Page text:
I graduated from Stanford University today. Frequently Asked Question: how do I feel? Evidently I'm supposed to answer that by saying that I'm proud of my accomplishment, of my admission to Stanford Law School, and the handful of academic honors I'm going to take away from my time here.
Well, I do feel proud in one sense, but usually I translate that as pleased to avoid miscommunication. I don't want people to think that I imagine I must have been a very clever, hard-working, or otherwise meritorious fellow to "do" all that I've "done." That's just plain silly. But I do feel fiercely, intensely pleased that I have reached the milestone which I was assigned to reach. Four years ago, while I worshipped on the Quad at midnight with Stanford believers, I accepted God's call on my life to spend the next four years of my life here. Four days ago, while I worshipped on the Quad at midnight alone, I accepted that my time here was finished, and well spent. I can count my regrets on one hand, and I feel fortunate in that. Now it is on to something new - and while that "something" is physically on the Stanford campus, I am not here per se. I am not going to be where God called me to be when I was a high school senior, which is the operative factor. I am going to be where God called me to be when I was a college senior, and the fact that those are geographically the same place is largely immaterial to my sense of moving on.
I have finished my time with a handful of academic honors and a bachelor's from the best darned department in this university. I realized today what it means for President Hennessy to confer upon me the degree which I have been awarded, with all the rights, privileges, honors, and responsibilities pertaining thereto, by the authority vested in him by the faculty and trustees of this university. Who certifies a master? Other masters. In a very real sense it is not Stanford University which has awarded me my degree, but the faculty of my department. Jennifer Trimble, Ian Morris, Richard Martin, Joe Manning, Reviel Netz, Joy Connolly, Jody Maxmin: they have personally conferred upon me the right to claim a bachelor's of arts. They entrust that part of their tradition to me, person to person. They read my work, they heard my thoughts, and they have considered it worthy of this level of scholarship. Not Stanford. Real people, whom I know and who know me.
That realization gave me a greater sense of what I have "accomplished." But what made that significant was my departmental graduation. Because I have a small department, we could afford to take some time over the actual dispensing of diplomas, and Jen had solicited from faculty and teacherscomments regarding all of us graduates. There were very nice things said about all of us, and some good things were said about why one studies classics, which it is good to be reminded of occasionally even if one already knows. But what really made it special were the sorts of things that Jen read about me. My name is spoken in the halls of the classics building. Meg Anassa remembers me from Sicily as a person of character. I am remembered as a person of character.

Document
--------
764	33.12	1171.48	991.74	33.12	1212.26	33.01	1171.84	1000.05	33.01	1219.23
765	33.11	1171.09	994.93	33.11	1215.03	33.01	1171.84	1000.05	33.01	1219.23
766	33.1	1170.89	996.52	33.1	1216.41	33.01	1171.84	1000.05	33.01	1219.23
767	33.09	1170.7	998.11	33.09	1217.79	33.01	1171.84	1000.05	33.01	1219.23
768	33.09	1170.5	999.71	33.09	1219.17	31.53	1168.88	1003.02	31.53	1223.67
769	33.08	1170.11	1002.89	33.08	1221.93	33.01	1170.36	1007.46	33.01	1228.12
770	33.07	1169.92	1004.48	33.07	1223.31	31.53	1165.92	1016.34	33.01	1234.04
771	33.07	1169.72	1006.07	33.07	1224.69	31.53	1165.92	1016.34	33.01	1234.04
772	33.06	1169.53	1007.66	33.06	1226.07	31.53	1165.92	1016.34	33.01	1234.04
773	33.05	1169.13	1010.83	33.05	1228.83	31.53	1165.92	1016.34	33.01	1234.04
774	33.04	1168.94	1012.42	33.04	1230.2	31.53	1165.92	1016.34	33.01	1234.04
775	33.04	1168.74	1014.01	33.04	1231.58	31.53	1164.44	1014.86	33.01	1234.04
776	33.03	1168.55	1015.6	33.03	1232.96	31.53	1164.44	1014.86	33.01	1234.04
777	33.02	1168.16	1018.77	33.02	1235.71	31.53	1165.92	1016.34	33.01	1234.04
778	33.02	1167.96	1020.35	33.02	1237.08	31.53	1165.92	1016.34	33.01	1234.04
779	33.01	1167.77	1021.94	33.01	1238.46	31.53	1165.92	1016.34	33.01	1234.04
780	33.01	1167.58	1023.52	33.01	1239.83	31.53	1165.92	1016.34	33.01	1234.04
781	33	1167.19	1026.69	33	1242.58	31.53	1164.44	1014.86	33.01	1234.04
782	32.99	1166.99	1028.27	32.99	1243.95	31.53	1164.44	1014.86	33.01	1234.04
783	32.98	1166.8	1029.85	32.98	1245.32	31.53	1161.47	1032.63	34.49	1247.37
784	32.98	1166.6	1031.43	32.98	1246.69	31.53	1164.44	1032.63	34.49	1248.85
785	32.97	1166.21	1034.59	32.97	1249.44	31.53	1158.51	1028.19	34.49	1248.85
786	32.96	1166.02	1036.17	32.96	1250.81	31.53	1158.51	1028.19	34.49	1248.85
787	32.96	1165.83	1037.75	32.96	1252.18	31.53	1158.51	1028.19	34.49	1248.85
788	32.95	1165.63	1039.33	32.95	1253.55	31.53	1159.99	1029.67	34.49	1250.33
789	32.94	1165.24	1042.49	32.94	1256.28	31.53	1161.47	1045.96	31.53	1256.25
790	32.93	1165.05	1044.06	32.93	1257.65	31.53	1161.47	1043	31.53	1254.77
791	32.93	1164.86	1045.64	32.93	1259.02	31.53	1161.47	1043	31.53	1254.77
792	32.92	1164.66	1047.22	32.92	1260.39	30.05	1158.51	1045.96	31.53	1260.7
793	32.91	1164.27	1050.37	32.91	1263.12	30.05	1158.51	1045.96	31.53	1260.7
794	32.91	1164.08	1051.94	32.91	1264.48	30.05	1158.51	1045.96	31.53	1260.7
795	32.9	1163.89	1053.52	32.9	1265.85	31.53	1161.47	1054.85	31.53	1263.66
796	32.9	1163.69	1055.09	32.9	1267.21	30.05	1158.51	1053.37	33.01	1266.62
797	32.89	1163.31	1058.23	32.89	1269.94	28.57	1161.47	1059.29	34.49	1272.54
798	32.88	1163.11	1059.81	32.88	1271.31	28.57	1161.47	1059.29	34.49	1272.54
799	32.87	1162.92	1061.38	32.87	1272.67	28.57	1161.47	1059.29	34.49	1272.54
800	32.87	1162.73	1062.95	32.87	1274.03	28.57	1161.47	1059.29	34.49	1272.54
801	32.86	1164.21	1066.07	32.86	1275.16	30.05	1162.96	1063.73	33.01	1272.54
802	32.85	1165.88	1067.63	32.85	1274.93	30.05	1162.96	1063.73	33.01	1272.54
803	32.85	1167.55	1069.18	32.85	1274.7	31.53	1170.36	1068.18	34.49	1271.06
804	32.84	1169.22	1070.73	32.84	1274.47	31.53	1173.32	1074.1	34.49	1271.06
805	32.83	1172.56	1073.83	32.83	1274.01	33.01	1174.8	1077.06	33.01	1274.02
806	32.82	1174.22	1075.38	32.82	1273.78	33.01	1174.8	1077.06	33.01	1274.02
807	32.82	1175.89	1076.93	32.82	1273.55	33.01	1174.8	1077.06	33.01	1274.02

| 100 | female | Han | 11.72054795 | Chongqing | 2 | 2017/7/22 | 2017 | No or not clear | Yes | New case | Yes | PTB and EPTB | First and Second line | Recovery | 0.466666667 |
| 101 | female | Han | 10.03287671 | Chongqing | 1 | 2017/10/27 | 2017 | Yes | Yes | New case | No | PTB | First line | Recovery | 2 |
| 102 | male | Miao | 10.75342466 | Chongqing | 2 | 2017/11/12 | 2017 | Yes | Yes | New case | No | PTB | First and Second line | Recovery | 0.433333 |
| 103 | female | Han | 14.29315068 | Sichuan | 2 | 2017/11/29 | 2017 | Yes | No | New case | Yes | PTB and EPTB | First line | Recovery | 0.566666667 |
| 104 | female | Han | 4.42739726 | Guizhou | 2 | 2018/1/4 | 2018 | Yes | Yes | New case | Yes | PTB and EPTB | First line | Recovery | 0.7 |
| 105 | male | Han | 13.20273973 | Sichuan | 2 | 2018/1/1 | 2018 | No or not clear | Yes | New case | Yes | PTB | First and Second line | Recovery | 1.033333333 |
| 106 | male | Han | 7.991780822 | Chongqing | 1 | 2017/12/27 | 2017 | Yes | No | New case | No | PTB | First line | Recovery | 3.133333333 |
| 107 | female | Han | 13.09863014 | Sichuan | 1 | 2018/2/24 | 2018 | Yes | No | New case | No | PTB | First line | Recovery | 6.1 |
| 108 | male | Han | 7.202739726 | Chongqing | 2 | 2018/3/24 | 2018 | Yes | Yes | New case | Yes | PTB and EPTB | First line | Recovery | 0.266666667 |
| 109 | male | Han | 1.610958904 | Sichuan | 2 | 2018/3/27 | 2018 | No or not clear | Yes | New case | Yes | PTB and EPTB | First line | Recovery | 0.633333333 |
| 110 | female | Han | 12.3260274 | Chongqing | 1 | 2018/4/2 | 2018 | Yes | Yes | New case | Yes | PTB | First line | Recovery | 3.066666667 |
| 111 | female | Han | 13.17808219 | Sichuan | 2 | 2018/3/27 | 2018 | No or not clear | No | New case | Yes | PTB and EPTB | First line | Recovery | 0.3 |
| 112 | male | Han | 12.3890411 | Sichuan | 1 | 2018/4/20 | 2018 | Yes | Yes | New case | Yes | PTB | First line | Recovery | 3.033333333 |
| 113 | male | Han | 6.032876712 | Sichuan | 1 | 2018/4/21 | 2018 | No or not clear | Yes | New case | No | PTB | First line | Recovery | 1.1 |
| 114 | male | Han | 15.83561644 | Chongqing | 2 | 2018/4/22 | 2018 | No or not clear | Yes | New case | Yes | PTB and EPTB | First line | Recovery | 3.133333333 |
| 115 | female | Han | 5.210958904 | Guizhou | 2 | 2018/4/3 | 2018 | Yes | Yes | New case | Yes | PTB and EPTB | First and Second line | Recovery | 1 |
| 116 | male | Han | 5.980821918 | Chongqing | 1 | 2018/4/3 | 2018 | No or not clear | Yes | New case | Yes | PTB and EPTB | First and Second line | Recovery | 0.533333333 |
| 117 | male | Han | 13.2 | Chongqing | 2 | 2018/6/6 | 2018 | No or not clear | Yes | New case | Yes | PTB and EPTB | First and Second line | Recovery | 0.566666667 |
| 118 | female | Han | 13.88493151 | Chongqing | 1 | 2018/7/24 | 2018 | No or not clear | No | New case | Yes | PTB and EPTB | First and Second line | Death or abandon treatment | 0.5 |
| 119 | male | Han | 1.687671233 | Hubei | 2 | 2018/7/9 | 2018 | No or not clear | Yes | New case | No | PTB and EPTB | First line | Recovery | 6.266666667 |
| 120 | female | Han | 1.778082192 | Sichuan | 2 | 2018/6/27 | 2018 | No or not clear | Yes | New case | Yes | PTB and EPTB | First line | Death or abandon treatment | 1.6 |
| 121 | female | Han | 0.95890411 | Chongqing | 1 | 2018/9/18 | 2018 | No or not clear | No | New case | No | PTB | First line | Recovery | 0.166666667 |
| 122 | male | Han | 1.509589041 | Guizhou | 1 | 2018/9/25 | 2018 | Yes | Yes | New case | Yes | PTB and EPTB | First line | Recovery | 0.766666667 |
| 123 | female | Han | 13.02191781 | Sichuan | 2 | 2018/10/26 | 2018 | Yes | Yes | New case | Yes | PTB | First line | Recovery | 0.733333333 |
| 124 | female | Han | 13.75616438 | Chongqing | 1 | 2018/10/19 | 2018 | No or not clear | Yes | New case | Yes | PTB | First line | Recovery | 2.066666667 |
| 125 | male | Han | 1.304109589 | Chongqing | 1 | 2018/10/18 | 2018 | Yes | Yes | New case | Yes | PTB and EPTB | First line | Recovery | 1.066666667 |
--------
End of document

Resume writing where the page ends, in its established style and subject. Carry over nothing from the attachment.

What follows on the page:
This is pretty nearly the only academic achievement I consider to be noteworthy. I suppose it is conceivable that, in furthering the store of human knowledge, one could discover a fact which by itself changes the face of humanity. But such discoveries and inventions, if they exist, must come few and far between. I have done good work at Stanford, and some substantial work too - but nobody is better for it. My world is not changed in any lastingly important way because of my papers, translations, exams, or grades; no good has come of it. But if I am remembered as a person of character, some good will have come from my time here. Not because it is important that I be remembered, but because it is important that character be transmitted from person to person. Such character as I may have must be transmitted if it is to do anybody but me any good, and if I am remembered and admired as such a person then perhaps I have left a legacy in the lives of individuals here which will actually mean something.
Of course it doesn't do to become solely obsessed with what good comes about as a result of my actions. The actual implications of my actions are too far-reaching for me to confidently say that no good will come of something. And in any case it is far more important for me to do my part and follow God's leading than it is to go haring off looking for good to do. I am not in command here, and ultimately what will do the most good for people is if I obey the Lord. If that means reading Asklepiodotos, then read Asklepiodotos I shall, and never mind if I can see how that benefits people.
But at the same time, every now and then it is nice to actually see the benefits whose eventual existence I have faith in. It is particularly nice when those benefits are in the form of changing people. That is the sort of change I believe in. I believe that systems can and do change, and I am glad there are people who are built so that they feel the importance of that in their heart because it is frequently important that systems change. But it is changing people that I feel in my heart, and if I have done that then I will consider that my time here has accomplished something real.